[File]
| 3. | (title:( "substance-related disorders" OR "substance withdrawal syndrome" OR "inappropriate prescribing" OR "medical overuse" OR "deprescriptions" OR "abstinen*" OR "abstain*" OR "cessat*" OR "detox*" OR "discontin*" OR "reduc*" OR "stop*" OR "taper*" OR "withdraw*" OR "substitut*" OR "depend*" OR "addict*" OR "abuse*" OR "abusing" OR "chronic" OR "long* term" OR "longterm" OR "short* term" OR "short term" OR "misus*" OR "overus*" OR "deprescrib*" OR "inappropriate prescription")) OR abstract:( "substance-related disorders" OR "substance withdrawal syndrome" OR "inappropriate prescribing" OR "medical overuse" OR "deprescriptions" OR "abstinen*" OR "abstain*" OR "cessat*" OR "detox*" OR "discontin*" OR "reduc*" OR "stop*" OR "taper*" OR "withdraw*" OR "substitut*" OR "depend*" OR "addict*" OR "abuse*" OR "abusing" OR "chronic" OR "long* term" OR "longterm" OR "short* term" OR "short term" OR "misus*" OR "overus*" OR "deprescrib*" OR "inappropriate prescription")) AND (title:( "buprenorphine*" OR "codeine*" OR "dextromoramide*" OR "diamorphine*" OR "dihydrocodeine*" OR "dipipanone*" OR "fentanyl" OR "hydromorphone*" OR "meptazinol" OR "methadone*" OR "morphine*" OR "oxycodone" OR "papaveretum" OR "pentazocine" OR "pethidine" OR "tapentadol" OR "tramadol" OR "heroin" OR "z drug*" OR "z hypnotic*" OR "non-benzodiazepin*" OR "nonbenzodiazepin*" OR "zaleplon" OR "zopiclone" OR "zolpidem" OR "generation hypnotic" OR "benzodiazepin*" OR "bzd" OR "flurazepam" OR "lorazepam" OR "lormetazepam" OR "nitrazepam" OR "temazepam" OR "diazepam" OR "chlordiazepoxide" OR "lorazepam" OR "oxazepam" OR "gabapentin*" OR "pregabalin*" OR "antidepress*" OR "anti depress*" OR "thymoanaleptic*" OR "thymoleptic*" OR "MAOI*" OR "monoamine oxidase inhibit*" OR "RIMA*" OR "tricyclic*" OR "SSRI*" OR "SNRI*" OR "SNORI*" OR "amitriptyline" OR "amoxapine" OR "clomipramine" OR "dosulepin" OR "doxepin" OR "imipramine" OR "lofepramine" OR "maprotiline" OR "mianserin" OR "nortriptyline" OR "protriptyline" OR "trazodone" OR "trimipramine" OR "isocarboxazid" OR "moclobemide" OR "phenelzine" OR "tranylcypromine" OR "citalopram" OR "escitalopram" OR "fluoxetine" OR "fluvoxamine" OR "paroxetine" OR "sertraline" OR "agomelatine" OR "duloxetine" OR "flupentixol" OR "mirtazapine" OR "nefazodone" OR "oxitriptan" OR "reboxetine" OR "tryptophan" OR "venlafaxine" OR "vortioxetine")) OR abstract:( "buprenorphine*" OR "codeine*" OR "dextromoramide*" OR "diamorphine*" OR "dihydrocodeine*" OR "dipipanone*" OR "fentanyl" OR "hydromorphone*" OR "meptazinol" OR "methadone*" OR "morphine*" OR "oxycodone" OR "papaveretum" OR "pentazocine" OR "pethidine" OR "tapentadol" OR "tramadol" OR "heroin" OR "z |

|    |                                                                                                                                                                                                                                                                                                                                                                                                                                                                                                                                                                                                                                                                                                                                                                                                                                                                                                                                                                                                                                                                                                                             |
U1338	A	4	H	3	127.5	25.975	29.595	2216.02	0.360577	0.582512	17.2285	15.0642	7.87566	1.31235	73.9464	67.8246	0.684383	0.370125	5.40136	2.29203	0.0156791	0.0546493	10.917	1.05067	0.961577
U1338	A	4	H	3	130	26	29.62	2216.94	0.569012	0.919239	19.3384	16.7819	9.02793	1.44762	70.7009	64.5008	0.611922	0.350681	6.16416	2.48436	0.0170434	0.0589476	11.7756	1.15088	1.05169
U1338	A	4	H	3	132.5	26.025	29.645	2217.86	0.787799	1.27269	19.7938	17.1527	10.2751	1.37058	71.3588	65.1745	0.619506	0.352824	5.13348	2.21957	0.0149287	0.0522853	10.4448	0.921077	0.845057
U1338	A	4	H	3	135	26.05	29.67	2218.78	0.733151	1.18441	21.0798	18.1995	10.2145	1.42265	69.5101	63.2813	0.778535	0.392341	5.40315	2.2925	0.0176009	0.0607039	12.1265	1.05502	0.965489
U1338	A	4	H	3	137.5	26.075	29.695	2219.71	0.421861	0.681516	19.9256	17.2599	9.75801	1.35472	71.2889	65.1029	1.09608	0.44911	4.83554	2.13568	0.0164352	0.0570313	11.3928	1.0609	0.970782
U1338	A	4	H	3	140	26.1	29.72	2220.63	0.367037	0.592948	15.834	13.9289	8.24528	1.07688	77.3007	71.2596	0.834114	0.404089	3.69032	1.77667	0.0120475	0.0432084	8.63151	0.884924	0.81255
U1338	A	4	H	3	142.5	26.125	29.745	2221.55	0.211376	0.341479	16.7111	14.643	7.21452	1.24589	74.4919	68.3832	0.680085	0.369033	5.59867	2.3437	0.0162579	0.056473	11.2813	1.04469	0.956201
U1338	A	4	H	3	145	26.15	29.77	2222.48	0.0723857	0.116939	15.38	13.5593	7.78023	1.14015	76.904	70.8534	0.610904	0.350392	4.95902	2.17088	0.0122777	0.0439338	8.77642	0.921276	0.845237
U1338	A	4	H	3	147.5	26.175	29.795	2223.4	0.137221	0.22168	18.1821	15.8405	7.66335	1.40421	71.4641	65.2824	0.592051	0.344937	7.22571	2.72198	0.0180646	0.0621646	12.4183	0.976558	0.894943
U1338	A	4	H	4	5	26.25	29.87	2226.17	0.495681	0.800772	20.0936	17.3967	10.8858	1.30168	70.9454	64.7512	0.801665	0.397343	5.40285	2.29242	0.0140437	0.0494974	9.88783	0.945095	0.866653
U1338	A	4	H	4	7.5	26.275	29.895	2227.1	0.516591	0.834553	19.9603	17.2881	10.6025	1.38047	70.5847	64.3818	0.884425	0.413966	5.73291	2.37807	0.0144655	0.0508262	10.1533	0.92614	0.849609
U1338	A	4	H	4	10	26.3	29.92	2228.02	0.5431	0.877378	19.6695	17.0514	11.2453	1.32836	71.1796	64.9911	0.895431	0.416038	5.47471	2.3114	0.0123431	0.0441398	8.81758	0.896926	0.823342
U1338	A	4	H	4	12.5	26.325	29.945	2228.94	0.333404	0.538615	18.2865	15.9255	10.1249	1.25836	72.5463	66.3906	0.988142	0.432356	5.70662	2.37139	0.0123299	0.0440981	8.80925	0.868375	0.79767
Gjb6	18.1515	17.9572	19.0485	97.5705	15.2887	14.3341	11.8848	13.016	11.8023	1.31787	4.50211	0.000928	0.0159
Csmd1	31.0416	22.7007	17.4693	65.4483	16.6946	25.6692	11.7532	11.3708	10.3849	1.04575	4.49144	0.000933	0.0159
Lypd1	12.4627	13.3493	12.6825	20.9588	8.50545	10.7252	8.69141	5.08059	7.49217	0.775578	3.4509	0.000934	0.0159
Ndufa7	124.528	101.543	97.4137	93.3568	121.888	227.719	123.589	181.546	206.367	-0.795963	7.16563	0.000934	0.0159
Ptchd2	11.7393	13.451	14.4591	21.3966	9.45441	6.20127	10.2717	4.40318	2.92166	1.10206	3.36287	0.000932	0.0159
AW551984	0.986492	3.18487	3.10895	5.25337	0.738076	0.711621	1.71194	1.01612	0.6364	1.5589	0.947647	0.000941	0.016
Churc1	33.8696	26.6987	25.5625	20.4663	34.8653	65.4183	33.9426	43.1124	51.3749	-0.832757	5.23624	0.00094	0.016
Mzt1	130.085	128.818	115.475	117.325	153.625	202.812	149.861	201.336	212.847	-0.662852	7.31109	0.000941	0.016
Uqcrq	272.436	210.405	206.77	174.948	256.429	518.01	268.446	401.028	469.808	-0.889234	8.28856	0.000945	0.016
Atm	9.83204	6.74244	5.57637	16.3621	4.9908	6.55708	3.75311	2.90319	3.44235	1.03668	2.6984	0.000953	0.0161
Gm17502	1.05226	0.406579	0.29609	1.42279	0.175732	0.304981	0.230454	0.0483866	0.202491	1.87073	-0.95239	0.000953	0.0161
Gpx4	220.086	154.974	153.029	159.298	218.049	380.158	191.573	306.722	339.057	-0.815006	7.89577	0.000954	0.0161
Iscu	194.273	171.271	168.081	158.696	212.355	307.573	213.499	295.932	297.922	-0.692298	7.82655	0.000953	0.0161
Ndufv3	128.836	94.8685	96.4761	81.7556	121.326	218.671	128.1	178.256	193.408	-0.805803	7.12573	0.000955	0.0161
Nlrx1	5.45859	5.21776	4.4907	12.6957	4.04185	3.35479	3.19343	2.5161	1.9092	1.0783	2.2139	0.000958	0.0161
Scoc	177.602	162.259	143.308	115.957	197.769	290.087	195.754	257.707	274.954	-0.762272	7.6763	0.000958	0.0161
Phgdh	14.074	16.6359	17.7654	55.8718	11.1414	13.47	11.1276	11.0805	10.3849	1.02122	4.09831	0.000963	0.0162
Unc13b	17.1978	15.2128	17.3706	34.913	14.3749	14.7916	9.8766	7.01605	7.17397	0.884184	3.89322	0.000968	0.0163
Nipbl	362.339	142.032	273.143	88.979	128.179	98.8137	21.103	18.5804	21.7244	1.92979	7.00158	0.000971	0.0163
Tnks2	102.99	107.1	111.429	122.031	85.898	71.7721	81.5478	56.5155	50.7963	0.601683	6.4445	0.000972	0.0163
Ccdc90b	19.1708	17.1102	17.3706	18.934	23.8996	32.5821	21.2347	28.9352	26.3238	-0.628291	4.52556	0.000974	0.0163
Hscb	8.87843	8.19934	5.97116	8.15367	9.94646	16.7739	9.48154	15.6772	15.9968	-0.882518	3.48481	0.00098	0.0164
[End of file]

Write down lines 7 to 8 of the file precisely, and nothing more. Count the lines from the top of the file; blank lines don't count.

U1338	A	4	H	3	137.5	26.075	29.695	2219.71	0.421861	0.681516	19.9256	17.2599	9.75801	1.35472	71.2889	65.1029	1.09608	0.44911	4.83554	2.13568	0.0164352	0.0570313	11.3928	1.0609	0.970782
U1338	A	4	H	3	140	26.1	29.72	2220.63	0.367037	0.592948	15.834	13.9289	8.24528	1.07688	77.3007	71.2596	0.834114	0.404089	3.69032	1.77667	0.0120475	0.0432084	8.63151	0.884924	0.81255